Out-of-town motorists are ignoring lane markings and stop lights. Passers-by are greeting each other with smiles. Marion Square is filled with more tents than a boy scout jamboree.
Actually, that sounds like a typical weekend in Charleston. But right now Spoleto's giving the city an art injection and the results are all around us.
The festival's impact shouldn't be underestimated. It doesn't just bring much-needed business to local theater companies and King Street stores, but also to tour companies, restaurants, bars, and even the locals who drive performers around town.
Most of the shows I saw yesterday were packed, and the mood was optimistic. Surprisingly, all of the people I talked to were recidivists — they'd come to Spoleto at least once before and in some cases for 20-30 years. They didn't leave the Dock Street Theatre disappointed. Geoff Nuttall was so excited to open his Chamber Music series that he forgot to introduce himself. The talented, charismatic, and slightly forgetful director is a big reason who so many people flock to hear obscure 200-year-old music.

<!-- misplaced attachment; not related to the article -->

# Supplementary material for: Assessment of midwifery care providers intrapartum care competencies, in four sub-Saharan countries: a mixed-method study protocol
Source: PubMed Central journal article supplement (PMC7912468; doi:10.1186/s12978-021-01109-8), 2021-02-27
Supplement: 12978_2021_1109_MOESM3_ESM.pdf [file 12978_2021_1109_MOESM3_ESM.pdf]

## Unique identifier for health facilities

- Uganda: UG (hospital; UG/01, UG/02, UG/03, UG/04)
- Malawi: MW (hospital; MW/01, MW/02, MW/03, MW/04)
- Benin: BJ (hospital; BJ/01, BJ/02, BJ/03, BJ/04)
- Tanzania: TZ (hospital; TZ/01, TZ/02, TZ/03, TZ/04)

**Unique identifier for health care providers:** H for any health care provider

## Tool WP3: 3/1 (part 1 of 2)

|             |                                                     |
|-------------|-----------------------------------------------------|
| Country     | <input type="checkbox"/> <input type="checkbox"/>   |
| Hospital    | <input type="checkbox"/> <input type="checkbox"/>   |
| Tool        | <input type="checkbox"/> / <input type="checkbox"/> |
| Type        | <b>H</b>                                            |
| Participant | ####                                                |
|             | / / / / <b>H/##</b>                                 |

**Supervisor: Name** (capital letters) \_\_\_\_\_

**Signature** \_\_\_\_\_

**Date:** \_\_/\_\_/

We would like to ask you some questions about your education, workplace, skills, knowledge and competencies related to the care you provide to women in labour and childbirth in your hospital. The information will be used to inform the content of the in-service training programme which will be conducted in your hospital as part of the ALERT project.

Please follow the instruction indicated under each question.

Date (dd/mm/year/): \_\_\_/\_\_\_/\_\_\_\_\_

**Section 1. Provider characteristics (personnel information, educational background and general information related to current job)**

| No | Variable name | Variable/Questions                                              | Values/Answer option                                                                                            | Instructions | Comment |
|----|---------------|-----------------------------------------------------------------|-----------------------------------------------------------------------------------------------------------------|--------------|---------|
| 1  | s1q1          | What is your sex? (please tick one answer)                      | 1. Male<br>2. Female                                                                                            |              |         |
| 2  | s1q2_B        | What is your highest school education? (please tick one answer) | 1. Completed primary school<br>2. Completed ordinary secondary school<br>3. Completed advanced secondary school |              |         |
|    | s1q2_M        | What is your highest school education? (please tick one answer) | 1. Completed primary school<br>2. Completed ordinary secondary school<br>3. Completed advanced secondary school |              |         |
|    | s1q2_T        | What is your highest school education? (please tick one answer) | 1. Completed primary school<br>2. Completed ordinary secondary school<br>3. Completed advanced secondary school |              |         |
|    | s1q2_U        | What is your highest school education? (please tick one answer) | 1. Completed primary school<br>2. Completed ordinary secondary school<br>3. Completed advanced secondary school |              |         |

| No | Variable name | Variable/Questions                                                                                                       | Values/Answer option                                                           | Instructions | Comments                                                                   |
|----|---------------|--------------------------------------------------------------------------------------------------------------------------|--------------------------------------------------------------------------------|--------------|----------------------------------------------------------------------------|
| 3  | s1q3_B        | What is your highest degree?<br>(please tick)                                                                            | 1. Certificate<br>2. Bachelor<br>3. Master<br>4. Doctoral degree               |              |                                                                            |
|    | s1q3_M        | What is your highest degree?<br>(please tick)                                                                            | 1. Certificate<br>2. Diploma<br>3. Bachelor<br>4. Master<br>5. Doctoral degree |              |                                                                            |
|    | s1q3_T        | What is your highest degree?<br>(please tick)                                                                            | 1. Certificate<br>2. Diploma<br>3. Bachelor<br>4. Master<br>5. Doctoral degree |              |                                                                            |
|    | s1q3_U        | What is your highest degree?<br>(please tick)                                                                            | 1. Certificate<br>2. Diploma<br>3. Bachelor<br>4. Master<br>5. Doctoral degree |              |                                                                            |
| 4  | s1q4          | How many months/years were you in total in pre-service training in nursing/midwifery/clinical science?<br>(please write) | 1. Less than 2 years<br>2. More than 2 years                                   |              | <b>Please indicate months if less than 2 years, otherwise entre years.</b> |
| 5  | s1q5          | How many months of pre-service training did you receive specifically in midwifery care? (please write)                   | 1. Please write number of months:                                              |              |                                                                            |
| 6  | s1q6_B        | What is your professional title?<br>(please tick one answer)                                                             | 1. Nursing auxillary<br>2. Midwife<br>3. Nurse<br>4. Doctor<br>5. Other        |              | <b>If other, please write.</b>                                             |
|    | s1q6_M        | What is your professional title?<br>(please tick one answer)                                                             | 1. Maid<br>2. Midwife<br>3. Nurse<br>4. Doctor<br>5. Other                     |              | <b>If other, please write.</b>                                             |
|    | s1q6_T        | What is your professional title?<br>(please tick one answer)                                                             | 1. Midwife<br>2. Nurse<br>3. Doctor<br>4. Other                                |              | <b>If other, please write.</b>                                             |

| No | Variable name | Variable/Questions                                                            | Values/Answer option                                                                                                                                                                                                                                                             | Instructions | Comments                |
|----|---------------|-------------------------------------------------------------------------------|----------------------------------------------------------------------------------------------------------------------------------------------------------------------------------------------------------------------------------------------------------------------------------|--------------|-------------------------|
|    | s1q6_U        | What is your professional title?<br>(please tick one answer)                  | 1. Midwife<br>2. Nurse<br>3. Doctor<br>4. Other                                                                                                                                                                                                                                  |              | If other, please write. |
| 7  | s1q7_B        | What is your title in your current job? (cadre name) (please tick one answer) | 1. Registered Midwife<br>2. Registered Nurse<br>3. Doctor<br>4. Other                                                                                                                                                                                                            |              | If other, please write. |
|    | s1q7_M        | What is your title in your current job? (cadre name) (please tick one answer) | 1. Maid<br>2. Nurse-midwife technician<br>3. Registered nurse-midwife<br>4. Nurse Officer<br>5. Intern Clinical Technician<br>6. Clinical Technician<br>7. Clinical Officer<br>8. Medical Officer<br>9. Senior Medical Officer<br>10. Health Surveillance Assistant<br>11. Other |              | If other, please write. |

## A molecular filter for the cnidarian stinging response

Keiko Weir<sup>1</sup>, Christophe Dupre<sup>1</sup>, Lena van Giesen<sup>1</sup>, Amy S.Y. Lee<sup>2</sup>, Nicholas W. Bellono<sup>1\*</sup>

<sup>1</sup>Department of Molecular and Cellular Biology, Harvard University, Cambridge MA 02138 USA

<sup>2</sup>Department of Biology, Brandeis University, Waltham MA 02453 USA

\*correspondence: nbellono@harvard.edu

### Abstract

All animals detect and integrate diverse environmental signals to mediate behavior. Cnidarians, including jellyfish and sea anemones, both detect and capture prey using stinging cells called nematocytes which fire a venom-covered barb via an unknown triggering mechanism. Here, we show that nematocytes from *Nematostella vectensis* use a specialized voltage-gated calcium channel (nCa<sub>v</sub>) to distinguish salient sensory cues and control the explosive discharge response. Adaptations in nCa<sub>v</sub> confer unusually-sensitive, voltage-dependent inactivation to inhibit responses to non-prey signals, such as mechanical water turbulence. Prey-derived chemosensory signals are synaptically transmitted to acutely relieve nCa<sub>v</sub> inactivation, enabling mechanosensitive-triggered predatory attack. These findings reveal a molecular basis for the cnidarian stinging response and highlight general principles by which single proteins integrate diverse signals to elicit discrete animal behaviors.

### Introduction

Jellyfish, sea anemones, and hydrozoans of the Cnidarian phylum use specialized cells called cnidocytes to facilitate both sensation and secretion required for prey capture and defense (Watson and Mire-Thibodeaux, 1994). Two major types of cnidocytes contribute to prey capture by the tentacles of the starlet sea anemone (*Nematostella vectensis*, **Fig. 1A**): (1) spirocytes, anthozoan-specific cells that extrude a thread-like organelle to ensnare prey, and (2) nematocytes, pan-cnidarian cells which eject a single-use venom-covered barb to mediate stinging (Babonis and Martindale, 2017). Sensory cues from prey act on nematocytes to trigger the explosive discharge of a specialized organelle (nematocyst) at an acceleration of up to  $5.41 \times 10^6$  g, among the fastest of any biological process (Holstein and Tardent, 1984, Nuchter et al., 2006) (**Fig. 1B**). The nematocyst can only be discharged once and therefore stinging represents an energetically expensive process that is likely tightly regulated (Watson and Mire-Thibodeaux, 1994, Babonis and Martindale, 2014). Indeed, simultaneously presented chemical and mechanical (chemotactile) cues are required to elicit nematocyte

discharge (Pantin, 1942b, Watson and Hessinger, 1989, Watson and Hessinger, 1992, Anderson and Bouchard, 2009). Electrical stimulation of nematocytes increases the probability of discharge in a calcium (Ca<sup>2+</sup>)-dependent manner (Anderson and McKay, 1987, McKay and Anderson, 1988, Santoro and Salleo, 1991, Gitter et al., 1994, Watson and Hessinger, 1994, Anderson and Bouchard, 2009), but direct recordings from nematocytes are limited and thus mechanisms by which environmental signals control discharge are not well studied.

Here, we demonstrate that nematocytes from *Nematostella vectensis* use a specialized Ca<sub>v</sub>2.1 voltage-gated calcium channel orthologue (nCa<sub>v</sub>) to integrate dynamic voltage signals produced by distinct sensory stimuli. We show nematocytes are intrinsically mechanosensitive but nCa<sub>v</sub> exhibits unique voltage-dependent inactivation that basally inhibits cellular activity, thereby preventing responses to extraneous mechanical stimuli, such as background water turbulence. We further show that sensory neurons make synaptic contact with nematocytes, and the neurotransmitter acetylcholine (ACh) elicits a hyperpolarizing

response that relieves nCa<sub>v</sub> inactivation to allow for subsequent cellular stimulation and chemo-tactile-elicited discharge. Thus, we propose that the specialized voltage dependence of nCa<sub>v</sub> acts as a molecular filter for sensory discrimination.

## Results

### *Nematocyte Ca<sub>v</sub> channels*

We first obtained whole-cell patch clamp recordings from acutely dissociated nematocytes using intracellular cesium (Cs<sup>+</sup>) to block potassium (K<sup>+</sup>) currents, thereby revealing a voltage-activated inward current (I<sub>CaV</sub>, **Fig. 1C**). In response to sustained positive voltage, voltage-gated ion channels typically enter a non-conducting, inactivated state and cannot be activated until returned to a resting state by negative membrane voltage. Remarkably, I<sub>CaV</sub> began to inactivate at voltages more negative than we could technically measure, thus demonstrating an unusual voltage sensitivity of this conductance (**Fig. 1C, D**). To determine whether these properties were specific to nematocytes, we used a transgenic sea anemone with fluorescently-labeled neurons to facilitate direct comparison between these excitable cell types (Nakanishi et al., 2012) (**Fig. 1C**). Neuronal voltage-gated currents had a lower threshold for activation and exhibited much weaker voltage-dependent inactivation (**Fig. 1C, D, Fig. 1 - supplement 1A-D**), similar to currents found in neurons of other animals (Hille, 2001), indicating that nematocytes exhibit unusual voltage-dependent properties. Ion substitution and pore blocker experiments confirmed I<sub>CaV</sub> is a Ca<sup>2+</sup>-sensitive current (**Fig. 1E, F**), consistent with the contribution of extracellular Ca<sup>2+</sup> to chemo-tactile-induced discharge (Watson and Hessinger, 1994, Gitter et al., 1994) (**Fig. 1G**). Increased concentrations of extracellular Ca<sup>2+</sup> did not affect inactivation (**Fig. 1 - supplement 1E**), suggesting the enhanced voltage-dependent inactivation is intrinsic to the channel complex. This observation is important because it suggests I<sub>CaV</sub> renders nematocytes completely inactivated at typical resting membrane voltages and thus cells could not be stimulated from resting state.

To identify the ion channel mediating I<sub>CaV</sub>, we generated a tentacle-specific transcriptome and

Spoleto isn't all about getting butts on seats. To earn the respect of arts lovers across the country it needs an experimental edge, too. This year, it's delivered mainly by Piccolo. The first night of the unusual one-man show Thom Pain was seen by only a handful of people, but they all had an unforgettable experience. It's those kinds of memories, and the feeling that they're seeing something challenging, that will bring patrons back for more in years to come.